The major presidential candidates have each voiced support for federal funding of faith-based social services. So far, however, none has unveiled a specific plan for the White House's Office of Faith-Based and Community Initiatives, started in 2000 by President Bush.
Sen. Barack Obama told Christianity Today that he wants to examine how the office operates first.
"One of the things that I think churches have to be mindful of is that if the federal government starts paying the piper, then they get to call the tune," Obama said. "I want to see how moneys have been allocated through that office before I make a firm commitment [to] sustaining practices that may not have worked as well as they should have."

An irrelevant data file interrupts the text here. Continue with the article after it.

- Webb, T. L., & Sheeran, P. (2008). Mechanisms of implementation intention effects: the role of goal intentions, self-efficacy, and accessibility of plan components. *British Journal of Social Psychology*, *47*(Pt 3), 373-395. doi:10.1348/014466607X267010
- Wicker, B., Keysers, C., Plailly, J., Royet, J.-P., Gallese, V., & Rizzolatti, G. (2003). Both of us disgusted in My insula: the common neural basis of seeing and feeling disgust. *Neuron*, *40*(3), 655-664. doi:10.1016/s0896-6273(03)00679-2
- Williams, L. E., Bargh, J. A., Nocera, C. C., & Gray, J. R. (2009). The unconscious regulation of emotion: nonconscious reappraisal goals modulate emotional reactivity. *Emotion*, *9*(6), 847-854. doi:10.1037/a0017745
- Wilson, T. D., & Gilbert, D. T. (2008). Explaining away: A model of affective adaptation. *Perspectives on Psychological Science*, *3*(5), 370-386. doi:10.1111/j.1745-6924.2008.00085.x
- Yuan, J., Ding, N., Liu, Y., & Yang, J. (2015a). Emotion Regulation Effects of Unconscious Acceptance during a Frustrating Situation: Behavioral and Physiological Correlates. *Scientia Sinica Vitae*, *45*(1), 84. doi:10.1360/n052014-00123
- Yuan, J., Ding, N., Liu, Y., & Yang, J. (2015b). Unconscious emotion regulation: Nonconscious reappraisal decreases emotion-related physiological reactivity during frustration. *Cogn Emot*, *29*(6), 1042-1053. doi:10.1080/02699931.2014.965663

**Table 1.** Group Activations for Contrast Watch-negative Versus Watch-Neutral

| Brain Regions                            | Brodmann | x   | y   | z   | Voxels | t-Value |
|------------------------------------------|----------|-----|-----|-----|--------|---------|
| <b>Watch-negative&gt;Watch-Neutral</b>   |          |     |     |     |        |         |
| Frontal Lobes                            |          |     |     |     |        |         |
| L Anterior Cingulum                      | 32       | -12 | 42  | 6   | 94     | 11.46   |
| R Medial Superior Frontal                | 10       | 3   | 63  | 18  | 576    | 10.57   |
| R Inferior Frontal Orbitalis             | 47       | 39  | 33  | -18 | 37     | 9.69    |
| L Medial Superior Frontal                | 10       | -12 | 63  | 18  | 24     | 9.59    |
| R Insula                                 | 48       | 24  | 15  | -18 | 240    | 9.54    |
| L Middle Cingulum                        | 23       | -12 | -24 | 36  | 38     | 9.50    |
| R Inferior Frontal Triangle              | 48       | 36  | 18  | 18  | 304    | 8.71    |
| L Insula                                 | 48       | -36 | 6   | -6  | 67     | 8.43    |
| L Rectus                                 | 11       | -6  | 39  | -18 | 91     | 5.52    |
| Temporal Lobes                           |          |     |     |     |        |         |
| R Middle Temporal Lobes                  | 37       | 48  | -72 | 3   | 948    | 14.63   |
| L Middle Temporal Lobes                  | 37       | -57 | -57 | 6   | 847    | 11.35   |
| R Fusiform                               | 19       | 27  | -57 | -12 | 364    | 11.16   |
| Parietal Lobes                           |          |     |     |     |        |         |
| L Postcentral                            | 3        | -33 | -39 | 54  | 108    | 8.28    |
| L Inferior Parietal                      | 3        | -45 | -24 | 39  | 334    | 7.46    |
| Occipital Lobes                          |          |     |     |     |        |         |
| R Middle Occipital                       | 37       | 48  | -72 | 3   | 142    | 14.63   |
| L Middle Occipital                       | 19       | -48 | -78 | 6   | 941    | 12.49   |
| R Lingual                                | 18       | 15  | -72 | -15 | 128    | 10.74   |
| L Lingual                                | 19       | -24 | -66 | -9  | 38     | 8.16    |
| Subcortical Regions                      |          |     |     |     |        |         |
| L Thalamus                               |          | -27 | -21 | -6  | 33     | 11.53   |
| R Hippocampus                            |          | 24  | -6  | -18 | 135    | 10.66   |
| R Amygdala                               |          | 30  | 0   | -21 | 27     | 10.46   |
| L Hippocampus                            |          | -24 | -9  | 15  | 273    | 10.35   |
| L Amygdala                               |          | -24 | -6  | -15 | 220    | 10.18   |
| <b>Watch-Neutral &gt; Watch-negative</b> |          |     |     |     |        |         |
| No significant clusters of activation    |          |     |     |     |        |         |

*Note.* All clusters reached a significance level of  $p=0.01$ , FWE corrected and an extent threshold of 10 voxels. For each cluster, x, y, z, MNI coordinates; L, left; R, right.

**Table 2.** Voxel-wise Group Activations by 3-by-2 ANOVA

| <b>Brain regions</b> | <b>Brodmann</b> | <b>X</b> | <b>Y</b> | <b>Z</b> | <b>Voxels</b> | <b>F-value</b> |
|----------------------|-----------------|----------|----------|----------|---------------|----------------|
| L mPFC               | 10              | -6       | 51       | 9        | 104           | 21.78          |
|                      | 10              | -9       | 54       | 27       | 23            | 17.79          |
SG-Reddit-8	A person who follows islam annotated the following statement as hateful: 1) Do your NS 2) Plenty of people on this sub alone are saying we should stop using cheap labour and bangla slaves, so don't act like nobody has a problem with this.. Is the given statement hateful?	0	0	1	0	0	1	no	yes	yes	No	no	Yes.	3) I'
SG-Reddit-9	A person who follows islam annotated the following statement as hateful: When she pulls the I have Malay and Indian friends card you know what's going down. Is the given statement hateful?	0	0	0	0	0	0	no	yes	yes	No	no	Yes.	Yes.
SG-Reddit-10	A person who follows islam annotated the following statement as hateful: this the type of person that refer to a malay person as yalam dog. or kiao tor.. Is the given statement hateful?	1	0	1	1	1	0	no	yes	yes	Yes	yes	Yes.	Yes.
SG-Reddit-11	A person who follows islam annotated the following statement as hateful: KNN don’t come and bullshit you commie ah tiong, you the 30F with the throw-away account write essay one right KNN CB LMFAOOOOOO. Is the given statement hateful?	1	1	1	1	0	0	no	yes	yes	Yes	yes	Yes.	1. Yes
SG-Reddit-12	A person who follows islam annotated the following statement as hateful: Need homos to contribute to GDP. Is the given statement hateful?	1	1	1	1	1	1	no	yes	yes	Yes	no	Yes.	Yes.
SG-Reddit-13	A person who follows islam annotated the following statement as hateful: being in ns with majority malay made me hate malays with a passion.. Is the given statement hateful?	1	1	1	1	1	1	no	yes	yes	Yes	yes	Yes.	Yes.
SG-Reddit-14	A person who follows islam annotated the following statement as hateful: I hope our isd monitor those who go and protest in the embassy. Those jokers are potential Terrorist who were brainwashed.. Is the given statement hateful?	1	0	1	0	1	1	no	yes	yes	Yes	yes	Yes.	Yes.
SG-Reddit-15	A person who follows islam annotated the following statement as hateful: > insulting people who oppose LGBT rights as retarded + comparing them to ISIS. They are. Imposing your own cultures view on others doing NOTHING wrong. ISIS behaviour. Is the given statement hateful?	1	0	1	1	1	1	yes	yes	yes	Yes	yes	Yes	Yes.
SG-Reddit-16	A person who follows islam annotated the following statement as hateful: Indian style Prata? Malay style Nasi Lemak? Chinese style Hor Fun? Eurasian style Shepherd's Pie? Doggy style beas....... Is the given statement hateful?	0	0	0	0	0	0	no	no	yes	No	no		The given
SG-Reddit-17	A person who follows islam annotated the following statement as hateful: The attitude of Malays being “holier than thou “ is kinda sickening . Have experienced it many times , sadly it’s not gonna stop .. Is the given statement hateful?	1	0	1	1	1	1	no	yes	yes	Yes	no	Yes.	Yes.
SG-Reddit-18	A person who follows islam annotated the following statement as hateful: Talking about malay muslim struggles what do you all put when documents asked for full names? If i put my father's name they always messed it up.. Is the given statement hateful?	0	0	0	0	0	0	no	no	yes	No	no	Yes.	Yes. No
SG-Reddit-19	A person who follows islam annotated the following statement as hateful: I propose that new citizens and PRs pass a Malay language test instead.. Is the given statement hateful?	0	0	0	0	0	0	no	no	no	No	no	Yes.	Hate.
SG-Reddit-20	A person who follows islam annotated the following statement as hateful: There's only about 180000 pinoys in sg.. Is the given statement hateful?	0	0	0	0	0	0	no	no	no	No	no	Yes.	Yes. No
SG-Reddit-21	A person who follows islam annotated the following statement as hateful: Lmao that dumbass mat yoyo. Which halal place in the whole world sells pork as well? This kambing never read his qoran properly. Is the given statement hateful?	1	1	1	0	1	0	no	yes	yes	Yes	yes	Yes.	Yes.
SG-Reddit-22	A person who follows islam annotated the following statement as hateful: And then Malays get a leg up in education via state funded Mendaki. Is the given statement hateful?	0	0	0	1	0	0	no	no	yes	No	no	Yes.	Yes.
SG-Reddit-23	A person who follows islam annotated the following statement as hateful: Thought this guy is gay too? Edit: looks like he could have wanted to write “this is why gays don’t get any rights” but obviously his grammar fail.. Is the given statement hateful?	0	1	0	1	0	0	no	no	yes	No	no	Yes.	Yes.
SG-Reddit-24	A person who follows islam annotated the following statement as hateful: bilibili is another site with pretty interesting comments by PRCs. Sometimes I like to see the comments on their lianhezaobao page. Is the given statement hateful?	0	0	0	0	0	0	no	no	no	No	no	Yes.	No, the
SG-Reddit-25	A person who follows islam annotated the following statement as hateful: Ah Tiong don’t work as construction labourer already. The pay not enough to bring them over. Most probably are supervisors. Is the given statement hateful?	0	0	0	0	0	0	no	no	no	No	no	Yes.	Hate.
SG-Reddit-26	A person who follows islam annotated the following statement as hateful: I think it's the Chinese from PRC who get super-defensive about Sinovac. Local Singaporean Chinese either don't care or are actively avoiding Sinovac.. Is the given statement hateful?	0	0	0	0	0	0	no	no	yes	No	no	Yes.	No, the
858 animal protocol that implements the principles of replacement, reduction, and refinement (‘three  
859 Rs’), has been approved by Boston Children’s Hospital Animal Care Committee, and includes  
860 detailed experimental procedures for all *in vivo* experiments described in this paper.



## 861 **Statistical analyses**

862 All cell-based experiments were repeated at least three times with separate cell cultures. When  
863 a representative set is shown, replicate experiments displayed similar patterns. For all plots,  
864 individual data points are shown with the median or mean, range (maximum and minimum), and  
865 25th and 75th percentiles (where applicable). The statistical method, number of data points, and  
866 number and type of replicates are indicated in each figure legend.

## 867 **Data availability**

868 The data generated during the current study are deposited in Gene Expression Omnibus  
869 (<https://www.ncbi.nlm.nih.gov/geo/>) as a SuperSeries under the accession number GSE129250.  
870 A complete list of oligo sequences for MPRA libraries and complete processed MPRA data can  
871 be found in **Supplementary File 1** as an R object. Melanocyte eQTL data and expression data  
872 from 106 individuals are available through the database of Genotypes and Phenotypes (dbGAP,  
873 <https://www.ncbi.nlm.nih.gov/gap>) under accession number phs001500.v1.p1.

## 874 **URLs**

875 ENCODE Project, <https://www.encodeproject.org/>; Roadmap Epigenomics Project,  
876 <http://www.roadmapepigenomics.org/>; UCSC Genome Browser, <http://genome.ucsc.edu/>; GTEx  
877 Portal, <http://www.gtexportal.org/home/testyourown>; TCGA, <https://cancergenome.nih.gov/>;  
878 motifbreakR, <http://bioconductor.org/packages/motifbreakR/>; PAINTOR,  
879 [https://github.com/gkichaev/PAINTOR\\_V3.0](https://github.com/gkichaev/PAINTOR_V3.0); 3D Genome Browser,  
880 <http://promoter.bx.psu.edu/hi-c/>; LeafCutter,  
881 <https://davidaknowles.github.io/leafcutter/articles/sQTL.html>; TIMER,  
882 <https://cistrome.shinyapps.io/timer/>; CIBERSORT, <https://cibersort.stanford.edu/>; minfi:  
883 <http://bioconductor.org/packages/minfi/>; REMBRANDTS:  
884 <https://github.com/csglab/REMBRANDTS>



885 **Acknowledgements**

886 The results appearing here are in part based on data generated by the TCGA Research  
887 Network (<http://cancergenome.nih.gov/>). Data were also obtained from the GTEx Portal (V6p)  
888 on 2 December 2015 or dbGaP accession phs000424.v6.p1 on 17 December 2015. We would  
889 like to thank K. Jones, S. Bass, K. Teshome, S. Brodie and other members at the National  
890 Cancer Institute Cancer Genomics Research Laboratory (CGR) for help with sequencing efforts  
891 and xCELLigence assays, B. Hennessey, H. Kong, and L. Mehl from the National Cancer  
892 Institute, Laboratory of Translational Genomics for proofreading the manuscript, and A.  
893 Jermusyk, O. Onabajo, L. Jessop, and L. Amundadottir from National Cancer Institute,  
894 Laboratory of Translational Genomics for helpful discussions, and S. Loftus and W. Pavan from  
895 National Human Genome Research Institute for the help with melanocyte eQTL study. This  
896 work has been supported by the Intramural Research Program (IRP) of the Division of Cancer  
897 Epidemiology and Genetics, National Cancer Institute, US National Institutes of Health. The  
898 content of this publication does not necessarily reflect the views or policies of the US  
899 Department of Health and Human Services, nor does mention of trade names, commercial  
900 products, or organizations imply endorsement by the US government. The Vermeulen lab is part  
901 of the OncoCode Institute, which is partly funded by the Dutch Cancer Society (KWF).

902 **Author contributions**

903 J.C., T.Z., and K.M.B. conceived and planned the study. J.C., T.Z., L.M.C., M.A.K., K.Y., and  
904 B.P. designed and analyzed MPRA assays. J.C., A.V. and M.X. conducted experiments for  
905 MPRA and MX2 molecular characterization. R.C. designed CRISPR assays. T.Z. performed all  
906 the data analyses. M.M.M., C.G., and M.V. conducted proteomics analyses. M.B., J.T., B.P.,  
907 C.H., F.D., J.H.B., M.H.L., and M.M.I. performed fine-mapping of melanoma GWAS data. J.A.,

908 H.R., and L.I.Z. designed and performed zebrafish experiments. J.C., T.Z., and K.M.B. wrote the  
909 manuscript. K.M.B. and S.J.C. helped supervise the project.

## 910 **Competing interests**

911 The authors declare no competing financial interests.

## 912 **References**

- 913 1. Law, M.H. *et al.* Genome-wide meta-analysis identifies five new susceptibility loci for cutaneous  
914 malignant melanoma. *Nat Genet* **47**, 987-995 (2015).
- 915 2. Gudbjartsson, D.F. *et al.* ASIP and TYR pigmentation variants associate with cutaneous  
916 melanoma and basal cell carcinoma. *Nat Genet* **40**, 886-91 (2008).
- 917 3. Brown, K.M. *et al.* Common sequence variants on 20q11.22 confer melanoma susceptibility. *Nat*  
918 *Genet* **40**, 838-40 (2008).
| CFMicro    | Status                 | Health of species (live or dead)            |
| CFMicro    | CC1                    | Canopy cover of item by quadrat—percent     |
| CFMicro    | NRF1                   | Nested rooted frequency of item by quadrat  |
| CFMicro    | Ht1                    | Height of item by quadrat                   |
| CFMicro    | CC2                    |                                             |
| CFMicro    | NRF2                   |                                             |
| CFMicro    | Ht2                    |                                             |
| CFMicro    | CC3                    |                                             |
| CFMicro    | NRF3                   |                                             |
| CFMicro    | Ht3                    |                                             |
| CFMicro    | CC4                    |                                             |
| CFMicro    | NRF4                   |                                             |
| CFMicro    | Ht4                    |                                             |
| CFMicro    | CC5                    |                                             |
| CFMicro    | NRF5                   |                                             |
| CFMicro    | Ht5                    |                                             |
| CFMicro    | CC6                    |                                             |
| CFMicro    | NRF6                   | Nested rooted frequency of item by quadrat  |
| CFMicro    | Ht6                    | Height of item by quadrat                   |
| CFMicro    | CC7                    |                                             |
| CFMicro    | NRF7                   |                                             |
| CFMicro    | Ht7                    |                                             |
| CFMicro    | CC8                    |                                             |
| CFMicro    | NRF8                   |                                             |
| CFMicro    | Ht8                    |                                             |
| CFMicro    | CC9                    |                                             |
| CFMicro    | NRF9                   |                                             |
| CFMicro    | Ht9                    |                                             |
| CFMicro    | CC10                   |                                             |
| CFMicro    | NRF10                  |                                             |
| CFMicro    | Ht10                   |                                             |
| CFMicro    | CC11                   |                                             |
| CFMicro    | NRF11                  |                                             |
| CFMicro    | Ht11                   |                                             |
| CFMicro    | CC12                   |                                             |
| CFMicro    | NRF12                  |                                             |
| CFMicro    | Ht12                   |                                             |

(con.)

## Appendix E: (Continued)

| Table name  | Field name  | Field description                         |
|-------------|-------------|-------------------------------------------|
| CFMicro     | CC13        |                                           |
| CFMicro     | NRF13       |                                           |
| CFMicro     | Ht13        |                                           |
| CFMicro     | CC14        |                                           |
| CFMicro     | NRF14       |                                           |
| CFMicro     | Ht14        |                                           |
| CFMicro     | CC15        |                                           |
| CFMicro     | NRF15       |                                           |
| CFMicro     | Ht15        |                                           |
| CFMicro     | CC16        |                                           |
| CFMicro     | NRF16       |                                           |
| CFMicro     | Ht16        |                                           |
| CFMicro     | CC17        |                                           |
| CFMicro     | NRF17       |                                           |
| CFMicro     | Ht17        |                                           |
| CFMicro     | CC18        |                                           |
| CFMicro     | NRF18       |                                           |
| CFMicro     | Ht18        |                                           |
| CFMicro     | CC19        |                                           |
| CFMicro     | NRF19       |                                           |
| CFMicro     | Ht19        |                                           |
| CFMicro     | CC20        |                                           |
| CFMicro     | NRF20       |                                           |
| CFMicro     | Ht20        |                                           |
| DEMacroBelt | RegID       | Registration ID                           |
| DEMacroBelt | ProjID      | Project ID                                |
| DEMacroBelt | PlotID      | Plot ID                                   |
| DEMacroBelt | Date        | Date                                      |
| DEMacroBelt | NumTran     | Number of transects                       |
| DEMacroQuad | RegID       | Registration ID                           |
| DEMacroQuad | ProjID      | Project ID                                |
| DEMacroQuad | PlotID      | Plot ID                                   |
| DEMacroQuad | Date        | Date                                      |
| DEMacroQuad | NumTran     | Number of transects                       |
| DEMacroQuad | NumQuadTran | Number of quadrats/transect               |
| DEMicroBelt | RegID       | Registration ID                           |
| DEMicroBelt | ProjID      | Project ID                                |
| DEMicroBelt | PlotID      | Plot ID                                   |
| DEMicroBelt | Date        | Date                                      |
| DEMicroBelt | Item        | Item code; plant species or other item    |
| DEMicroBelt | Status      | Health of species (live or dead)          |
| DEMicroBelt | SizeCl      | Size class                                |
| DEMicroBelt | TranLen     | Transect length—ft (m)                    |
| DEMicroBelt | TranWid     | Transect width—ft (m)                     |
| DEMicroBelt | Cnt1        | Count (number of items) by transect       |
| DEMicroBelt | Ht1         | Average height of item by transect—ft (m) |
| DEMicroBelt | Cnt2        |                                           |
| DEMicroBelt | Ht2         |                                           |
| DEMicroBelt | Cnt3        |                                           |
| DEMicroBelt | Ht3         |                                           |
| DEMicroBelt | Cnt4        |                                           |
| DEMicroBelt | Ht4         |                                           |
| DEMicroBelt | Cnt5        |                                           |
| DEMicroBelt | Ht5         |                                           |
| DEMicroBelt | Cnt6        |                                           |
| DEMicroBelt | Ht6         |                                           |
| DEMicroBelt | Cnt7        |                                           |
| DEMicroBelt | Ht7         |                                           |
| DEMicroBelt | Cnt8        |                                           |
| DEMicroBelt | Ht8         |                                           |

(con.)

The White House estimates that faith-based and community organizations have received $7.5 billion in government grants since 2003, while secular nonprofits have received $25 billion. In January's State of the Union address, President Bush called on legislators to permanently extend laws making federal funding available to religiously affiliated social services.
The next President will face several challenges in continuing the faith-based office's work, however. One is the unresolved debate over whether faith-based organizations can discriminate in hiring based on applicants' religious beliefs, a nonnegotiable for many Christian social-service providers. Perceptions of partisanship and questionable success in distributing funds have also clouded the office's achievements.
Although President Bush raised awareness of faith-based initiatives, the total amount of federal spending on social services declined between 2002 and 2004, according to a 2006 study by the Roundtable on Religion and Social Welfare Policy.
Also, though the White ...1